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Letter: The School Budget Process, Democracy and Transparency

I recently received information that our lawmakers are considering changing the contingency budget law. If this data is correct, the proposed change will mean that a defeated budget will drive a “contingency” budget in its place, but instead of the contingency budget allowing for a 0.4 percent decrease from the prior year’s budget, it will necessitate a 3.07 percent increase.

I ask, what is happening to democracy? Why vote a budget at all if at the end of the day the budget must increase by 3.07 percent anyway. Most spending entities, by the way, govern their potential increases by their increases in revenue and/or their decreases in expenses. If, in the above scenario, the expenditures would increase by 3.07 percent; then who is determining that the taxpayers, collectively, have increased their income by that amount. I would submit that budgets should not increase beyond the collective increases of taxpayers’ net income.

In addition, as I understand it, a budget has to be voted down twice before the contingency option is triggered. Why is this? If it passes the first time, do we have to vote and pass it a second time before it is approved?

Thirdly, as I understand it, contracts are negotiated and approved prior to the budget. Why is this? It seems we first should approve a budget (although if the changes noted above are completed, it probably won’t matter anyway) and then negotiate contracts because then we will know, collectively, how much we can afford.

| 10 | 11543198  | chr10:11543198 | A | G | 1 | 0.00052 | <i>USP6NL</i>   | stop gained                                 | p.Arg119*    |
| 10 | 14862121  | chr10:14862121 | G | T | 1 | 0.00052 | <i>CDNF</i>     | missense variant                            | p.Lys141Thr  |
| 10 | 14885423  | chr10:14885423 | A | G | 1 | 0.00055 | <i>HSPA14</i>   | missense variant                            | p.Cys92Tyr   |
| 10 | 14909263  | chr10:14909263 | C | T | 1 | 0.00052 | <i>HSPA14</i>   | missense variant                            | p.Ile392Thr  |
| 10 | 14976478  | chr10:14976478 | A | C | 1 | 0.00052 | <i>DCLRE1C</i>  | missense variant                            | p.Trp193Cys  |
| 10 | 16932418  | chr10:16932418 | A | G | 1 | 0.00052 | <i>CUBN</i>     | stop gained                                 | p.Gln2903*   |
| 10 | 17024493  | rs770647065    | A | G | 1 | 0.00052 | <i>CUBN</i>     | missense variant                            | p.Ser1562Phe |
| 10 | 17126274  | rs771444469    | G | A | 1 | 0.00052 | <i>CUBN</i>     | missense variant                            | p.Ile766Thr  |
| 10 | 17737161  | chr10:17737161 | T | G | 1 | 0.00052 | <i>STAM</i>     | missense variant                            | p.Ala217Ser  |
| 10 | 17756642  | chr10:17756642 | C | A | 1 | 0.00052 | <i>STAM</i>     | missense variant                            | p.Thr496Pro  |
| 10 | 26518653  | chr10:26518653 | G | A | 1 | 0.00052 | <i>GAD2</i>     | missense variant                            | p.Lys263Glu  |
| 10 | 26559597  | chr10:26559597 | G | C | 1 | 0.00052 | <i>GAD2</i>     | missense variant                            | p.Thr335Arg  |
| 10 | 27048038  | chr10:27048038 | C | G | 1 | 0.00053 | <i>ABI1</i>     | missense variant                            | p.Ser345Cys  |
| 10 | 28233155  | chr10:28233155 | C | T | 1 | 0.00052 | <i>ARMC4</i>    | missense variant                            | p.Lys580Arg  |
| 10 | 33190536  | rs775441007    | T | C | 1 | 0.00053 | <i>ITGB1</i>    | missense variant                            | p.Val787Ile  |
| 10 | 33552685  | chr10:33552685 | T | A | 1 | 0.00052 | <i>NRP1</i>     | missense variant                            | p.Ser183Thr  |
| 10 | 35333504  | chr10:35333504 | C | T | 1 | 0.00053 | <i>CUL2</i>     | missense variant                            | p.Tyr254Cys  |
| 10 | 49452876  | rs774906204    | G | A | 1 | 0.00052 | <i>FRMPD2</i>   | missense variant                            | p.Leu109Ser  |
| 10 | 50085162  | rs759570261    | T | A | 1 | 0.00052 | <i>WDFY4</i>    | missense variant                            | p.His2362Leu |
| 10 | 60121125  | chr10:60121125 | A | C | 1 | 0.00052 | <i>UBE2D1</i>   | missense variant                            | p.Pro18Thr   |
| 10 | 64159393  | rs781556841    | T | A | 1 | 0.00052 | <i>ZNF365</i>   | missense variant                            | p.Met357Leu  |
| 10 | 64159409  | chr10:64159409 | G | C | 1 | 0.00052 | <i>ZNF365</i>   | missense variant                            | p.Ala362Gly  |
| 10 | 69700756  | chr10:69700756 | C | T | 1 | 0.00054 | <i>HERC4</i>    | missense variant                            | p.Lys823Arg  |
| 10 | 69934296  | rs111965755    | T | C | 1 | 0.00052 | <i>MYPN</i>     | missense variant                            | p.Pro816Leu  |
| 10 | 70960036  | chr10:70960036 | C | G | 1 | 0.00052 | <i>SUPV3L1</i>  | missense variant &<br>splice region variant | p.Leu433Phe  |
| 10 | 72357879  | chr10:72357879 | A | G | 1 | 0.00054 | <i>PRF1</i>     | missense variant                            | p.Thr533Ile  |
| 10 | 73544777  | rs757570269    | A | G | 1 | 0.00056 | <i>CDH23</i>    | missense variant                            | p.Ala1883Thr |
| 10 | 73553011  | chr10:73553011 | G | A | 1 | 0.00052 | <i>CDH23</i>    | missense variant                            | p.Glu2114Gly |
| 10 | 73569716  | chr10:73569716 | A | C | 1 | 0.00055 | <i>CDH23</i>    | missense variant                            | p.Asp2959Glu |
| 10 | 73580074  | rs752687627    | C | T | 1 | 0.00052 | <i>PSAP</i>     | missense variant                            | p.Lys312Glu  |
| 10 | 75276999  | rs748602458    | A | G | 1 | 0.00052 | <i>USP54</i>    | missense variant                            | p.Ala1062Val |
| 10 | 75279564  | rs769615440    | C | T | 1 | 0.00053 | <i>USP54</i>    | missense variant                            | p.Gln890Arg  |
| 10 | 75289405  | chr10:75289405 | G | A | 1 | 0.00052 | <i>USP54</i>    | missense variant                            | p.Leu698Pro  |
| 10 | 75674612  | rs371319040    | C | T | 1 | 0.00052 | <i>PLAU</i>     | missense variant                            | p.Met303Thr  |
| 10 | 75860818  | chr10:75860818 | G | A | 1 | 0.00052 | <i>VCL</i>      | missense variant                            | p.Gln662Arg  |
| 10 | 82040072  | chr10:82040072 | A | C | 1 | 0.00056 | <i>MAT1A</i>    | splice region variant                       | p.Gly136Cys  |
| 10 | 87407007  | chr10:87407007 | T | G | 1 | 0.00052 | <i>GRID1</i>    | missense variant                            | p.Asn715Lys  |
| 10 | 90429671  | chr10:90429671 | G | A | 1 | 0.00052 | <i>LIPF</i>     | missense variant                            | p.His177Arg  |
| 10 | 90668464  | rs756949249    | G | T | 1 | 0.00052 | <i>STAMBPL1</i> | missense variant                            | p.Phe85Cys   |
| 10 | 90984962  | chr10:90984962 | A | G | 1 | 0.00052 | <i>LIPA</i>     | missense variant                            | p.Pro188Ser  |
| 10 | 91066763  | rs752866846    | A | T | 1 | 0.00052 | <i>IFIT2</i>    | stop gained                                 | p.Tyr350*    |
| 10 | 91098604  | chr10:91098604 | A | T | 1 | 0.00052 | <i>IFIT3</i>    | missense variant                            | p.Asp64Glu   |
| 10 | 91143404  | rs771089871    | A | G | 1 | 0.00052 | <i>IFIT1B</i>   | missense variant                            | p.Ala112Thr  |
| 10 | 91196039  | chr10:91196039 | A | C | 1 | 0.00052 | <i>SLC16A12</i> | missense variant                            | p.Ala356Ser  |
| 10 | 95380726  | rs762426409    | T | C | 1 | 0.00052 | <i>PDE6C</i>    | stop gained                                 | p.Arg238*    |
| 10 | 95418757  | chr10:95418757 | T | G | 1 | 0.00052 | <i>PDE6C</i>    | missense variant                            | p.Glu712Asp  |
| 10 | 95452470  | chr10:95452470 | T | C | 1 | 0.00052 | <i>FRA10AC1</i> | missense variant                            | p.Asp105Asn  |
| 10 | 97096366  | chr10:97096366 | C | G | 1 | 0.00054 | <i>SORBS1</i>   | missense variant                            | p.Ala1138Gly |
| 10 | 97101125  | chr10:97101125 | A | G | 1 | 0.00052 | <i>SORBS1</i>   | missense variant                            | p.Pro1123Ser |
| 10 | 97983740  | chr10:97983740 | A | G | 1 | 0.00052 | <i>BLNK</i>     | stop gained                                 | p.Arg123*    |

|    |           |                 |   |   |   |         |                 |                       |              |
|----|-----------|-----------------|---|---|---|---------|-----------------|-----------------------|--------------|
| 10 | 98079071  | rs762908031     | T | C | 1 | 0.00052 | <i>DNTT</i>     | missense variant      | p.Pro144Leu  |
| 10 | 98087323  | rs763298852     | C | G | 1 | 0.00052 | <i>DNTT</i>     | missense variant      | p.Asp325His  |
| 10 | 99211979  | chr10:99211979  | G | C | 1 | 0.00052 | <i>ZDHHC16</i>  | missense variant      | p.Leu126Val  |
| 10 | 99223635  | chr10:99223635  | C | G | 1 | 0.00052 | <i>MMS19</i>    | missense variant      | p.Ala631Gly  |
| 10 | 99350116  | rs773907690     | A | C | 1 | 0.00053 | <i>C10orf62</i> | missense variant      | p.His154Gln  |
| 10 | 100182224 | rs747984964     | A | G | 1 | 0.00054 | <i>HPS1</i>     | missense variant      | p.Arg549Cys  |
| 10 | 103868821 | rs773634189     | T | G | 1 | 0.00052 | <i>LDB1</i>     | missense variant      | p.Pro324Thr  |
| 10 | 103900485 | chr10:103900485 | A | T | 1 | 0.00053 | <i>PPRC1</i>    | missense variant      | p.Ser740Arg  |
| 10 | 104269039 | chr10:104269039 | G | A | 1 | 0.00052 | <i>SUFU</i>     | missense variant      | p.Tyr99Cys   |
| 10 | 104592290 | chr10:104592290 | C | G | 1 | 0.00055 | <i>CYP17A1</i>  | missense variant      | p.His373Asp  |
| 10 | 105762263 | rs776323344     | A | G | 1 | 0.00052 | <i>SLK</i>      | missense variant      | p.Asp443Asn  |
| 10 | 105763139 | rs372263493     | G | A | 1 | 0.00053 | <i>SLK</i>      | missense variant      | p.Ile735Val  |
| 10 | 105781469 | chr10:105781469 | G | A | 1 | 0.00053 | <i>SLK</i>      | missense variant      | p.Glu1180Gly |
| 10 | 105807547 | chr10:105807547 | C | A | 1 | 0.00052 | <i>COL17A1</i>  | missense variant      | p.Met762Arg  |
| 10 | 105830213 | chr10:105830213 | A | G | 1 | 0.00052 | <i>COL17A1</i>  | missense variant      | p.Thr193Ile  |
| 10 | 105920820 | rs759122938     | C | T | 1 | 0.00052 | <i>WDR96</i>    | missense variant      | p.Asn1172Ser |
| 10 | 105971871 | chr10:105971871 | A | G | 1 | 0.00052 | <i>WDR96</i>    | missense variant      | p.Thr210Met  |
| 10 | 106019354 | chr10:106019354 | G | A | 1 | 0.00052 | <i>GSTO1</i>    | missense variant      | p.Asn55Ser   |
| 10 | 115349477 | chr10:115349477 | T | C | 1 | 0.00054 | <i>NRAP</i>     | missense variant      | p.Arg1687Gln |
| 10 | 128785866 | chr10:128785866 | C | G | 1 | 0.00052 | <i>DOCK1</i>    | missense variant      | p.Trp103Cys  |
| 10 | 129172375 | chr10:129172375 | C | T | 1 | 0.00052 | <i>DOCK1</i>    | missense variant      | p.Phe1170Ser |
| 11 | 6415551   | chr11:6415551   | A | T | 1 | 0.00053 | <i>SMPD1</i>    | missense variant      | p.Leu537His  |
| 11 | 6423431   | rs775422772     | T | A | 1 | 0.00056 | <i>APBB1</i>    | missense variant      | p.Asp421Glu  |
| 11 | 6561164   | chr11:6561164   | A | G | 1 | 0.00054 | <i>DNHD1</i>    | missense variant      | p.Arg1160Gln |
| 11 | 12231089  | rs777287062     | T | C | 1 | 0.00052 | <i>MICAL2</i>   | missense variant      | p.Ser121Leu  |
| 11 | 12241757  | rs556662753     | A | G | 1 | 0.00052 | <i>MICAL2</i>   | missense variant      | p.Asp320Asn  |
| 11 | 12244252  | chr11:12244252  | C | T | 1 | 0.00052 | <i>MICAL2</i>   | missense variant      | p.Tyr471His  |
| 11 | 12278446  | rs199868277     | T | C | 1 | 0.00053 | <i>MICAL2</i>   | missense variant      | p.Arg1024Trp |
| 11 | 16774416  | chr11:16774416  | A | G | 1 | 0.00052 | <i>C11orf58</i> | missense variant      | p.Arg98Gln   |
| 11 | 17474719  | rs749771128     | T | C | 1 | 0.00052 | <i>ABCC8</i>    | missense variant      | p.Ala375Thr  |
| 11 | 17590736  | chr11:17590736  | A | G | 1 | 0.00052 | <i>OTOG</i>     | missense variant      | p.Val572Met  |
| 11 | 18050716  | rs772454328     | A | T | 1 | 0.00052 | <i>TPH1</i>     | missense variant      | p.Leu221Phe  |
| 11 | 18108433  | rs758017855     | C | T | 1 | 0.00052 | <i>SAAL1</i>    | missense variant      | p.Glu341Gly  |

Fourthly, it was recently announced in the Manhasset Press that the settlement regarding the transportation issues will have no effect on the 2010-11 budget or any budget thereafter since the funds for the settlement have been “accrued.” I do not understand this concept. If it is meant that prior years’ surpluses are present and that those funds can now be used for this settlement, then it means that we have overpaid our taxes for all of those years, without knowing it. Secondly, it has an effect on present and all future budgets if proposals for present and/or future year’s budgets are based on a percent increase over the prior years. The cost to us, the taxpayer, is that the base upon which those dollar increases, as a percent, are calculated come from a base that was higher than it needed to be; therefore every year we pay for it.

It seems to me that if my data and assumptions are correct, the taxpayer is poorly represented in this whole process, and basically has no rights, no say, and no negotiating stance (we can’t even vote down a budget since it would increase anyway if this becomes the law and practice). The only thing, apparently that is wanted, is for the taxpayers to foot the bill.

I submit that there should be a better way to handle these affairs and give the bill-paying taxpayers some needed objective representation in the process.

Paul Drezner